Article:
In the middle of the twenty-first century, and expedition from Earth landed on this planet. The expedition included philosophers, as well as representatives of every other learned discipline. The philosophers thought that the most interesting thing about the natives was their lack of the concept of mind. They joked among themselves that they had landed among a bunch of materialists, and suggested the name Antipodea for the planet - in reference to an almost forgotten school of philosophers, centering in Australia and New Zealand, who in the previous century had attempted one of the many futile revolts against Cartesian dualism in the history of Terran philosophy. The name stuck, and so the new race of intelligent beings came to be known as Antipodeans. The Terran neurologists and biochemists were fascinated by the wealth of knowledge in their field which the Antipodeans exhibited. Since technical conversation on these subjects was conducted almost entirely in offhand references to neural states, the Terran experts eventually picked up the ability to report their own neural states (without conscious inference) instead of reporting their thoughts, perceptions, and raw feels. (The physiologies of the two species were, fortunately, almost identical.) Everything went swimmingly, except for the difficulties met by the philosophers.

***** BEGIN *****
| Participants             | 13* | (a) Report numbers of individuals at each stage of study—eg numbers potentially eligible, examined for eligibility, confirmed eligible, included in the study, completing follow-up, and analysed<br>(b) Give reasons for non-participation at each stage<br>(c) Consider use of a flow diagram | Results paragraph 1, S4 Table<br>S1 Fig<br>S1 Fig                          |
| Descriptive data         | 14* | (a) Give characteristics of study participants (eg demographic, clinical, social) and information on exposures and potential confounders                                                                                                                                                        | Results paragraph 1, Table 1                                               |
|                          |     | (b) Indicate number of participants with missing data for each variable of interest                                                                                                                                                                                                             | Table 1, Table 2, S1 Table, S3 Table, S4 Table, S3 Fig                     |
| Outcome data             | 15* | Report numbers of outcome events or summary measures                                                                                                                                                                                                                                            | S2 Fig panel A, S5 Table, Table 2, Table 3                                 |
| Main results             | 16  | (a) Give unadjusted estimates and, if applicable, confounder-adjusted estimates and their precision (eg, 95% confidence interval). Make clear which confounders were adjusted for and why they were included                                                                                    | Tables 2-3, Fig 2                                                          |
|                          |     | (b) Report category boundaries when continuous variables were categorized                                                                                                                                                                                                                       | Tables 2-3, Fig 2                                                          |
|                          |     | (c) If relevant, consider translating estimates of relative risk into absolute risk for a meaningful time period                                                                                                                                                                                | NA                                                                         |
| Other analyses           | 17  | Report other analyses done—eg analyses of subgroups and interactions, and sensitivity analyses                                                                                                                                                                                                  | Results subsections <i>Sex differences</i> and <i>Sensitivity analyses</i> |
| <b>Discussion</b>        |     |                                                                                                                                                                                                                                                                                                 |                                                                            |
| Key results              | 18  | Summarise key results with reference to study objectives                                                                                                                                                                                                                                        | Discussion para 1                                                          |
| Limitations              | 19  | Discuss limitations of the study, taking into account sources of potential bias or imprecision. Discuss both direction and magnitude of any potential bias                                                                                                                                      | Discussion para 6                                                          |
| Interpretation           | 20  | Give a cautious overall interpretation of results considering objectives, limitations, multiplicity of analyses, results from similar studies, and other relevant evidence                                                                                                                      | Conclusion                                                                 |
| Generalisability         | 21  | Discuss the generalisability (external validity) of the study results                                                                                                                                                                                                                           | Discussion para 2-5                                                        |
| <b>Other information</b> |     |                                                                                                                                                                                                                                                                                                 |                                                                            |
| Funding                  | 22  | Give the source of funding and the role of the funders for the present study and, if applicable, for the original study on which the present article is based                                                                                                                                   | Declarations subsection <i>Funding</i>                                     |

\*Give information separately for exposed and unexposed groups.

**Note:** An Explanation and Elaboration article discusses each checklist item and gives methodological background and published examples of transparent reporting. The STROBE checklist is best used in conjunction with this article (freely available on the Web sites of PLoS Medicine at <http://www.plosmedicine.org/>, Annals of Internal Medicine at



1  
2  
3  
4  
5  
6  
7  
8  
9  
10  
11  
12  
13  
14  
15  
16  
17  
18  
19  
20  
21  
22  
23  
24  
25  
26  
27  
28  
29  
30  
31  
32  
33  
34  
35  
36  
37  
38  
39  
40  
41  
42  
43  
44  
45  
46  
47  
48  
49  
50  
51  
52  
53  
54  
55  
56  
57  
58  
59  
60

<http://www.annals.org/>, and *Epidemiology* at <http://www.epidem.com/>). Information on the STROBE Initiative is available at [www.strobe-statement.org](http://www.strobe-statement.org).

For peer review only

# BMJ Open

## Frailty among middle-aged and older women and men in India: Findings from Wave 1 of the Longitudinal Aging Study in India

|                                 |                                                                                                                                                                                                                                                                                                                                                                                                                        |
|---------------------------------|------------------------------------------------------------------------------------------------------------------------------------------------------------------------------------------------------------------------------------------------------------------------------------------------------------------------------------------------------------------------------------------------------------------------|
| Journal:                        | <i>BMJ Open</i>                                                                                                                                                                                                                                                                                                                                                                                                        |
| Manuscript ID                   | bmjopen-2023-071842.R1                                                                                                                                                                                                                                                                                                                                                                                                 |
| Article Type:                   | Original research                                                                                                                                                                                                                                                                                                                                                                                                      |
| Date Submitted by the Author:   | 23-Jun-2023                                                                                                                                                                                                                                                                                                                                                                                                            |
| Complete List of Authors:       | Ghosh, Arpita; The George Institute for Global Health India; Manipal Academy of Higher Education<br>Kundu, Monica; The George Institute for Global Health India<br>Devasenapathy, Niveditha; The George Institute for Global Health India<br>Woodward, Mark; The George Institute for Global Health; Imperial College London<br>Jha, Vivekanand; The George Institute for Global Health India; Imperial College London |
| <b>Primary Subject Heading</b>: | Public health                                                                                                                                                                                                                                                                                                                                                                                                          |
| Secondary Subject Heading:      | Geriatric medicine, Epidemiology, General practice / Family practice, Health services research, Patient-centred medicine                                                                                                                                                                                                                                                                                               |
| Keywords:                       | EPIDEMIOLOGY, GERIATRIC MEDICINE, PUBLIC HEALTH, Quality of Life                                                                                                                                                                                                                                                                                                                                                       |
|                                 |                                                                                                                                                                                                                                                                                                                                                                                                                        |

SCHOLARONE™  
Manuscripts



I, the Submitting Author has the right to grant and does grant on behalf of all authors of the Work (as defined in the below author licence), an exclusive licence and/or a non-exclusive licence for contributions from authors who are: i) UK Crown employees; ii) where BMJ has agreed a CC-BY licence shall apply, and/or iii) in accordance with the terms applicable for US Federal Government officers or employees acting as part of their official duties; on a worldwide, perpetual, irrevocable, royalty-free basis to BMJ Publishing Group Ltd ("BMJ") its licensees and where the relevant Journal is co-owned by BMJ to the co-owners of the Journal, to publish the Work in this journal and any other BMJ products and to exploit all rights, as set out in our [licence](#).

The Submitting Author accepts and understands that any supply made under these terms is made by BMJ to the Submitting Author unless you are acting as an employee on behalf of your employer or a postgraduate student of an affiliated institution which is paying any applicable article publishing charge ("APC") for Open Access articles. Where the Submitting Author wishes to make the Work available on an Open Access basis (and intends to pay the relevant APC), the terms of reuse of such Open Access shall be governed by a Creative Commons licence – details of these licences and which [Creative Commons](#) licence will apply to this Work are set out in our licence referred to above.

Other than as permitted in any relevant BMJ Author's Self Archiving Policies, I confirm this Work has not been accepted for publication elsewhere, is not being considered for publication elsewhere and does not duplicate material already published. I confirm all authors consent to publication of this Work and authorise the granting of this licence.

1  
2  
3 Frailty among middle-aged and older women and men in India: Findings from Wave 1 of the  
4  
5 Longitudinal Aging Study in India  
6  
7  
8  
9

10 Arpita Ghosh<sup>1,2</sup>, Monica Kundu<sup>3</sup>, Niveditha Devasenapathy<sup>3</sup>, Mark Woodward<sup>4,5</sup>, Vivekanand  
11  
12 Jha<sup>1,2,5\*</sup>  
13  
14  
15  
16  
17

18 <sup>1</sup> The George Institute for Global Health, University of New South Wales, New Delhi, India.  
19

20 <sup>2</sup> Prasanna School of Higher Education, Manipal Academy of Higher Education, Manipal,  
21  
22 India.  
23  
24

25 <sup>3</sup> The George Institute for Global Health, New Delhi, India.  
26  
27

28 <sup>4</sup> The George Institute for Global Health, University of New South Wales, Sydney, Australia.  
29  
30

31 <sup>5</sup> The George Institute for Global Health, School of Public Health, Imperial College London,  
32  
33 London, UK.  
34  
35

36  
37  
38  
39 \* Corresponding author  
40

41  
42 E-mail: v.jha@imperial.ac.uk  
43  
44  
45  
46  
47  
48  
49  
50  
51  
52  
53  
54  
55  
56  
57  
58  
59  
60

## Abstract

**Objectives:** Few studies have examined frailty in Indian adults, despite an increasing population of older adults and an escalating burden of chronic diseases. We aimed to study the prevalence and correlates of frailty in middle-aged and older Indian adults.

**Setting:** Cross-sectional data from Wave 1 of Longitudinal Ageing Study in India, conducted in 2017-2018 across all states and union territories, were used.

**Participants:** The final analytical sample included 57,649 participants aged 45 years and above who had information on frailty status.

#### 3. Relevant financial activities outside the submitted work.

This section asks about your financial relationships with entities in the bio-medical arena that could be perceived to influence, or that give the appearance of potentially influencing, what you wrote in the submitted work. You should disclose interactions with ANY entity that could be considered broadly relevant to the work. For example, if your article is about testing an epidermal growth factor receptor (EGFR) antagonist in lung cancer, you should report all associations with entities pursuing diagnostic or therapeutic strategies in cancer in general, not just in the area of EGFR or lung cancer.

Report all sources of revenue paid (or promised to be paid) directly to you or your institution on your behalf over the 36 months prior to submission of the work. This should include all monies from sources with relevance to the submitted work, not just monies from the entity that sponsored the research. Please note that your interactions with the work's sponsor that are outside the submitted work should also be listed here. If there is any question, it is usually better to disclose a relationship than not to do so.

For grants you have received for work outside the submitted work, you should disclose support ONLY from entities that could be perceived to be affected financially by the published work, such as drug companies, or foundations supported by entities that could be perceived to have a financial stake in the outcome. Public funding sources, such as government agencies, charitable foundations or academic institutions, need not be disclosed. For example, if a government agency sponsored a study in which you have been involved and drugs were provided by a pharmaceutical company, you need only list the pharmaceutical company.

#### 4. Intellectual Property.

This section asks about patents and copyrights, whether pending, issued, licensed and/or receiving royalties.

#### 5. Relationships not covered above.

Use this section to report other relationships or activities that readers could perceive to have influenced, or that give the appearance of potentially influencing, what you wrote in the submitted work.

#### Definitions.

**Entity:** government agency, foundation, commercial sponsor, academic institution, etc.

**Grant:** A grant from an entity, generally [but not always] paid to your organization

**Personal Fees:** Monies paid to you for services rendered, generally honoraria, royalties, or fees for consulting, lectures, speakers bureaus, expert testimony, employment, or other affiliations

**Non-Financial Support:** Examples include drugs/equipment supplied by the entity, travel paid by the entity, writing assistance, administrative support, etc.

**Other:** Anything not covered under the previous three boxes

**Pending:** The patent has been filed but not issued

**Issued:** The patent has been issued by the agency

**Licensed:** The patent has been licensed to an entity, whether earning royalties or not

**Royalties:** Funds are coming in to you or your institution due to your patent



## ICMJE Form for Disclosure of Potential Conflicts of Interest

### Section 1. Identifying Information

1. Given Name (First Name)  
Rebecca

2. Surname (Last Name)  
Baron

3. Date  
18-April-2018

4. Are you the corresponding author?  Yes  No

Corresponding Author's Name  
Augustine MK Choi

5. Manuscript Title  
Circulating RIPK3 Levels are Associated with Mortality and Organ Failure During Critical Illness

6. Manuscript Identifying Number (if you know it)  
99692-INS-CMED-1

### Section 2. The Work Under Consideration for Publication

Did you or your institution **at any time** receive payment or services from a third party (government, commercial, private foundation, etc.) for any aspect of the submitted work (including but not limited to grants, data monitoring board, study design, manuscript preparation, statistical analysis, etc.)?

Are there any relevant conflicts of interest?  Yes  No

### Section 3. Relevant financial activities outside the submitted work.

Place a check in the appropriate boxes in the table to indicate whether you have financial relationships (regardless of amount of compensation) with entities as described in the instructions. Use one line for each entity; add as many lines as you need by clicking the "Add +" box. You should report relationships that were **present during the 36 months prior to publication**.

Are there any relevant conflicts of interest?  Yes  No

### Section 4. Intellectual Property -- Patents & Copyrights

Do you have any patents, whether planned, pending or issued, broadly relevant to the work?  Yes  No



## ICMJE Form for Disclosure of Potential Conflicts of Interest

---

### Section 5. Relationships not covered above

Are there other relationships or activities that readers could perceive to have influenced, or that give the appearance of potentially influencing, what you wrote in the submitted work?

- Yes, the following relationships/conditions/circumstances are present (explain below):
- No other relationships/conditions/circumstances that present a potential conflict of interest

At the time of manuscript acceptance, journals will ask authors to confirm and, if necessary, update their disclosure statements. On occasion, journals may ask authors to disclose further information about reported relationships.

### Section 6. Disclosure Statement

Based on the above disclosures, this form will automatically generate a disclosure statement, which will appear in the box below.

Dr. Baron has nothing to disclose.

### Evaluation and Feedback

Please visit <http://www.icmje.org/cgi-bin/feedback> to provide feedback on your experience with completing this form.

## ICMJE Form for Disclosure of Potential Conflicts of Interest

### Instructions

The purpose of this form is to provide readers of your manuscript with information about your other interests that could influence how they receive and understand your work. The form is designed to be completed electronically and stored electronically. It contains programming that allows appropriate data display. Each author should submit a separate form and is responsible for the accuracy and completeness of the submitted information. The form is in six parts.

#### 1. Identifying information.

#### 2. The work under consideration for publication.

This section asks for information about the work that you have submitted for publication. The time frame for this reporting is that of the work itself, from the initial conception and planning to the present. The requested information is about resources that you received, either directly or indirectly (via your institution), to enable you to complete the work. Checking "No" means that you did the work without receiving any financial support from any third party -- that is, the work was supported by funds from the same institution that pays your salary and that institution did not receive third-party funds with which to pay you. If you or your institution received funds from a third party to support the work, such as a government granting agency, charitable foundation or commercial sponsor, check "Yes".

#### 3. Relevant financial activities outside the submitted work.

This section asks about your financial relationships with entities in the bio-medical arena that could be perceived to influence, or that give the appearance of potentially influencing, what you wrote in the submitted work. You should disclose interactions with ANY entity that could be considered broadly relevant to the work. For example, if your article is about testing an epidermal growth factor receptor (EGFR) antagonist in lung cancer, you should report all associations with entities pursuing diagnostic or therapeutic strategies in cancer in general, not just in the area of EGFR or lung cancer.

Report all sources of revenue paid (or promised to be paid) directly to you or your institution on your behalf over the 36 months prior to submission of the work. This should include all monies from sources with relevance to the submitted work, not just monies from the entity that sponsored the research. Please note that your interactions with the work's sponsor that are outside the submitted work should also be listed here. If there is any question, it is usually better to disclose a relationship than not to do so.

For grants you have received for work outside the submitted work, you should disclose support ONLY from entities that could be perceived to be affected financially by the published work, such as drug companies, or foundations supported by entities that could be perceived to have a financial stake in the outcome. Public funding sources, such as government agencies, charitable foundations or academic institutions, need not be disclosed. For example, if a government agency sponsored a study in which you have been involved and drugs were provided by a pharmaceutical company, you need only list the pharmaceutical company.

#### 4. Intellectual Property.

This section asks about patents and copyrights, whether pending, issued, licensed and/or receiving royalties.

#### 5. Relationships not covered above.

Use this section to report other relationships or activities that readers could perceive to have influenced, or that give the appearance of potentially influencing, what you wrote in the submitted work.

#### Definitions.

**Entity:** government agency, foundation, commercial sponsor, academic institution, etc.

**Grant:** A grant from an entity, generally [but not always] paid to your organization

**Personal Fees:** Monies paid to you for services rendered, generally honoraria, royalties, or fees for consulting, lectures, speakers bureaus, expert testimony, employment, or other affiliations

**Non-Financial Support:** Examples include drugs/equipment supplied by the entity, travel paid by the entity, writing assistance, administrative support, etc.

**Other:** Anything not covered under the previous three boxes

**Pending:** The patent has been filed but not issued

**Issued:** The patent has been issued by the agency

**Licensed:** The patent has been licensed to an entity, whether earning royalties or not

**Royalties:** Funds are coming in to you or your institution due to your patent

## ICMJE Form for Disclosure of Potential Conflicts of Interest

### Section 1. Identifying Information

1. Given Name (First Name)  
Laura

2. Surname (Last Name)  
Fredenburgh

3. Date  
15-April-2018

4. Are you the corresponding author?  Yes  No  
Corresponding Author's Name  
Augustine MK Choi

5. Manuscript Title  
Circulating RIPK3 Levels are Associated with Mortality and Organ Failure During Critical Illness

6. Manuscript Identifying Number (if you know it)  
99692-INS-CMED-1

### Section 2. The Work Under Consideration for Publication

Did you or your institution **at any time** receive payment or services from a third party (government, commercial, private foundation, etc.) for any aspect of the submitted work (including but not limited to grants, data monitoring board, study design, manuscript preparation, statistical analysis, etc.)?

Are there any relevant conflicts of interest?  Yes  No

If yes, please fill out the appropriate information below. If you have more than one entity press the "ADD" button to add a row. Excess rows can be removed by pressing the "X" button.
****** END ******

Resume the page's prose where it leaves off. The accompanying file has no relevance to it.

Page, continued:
The philosophers who had come on the expedition were, as usual, divided into two warring camps: the tender-minded ones who thought that philosophy should aim at significance, and the tough-minded philosophers who thought that it should aim at Truth. The philosophers of the first sort felt that there was no real problem about whether the Antipodeans had minds. They held that what was important in understanding other beings was a grasp of their mode of being-in-the-world. It became evident that, whatever Existential the Antipodeans were using, they certainly did not include any of those which, a century earlier, Heidegger had criticized as "subjectivist". The whole notion of "the epistemological subject", or the person as spirit, had no place in their self-descriptions, nor in their philosophies. Some of the tender-minded philosophers felt that this showed the Antipodeans had not yet broken out of Nature into Spirit, or, more charitably, had not yet progressed from Consciousness to Self-Consciousness. These philosophers became town-criers of inwardness, attempting to bully the Antipodeans across an invisible line and into the Realm of the Spirit. Others, however, felt that the Antipodeans exhibited the praiseworthy grasp of the union of polemoj and logoj which was lost to Western Terran consciousness through Plato's assimilation of ousia and idea. The Antipodean failure to grasp the notion of mind, in the view of this set of philosophers, showed their closeness to Being and their freedom from the temptations to Which Terran thought had long since succumbed. In the contest between these two views, equally tender-minded as both were, discussion tended to be inconclusive. The Antipodeans themselves were not much help, because they had so much trouble translating the background reading necessary to appreciate the problem - Plato's Theaetetus, Descartes's Meditations, Hume's Treatise, Kant's Critique of Pure Reason, Hegel's Phenomenology, Strawson's Individuals, etc.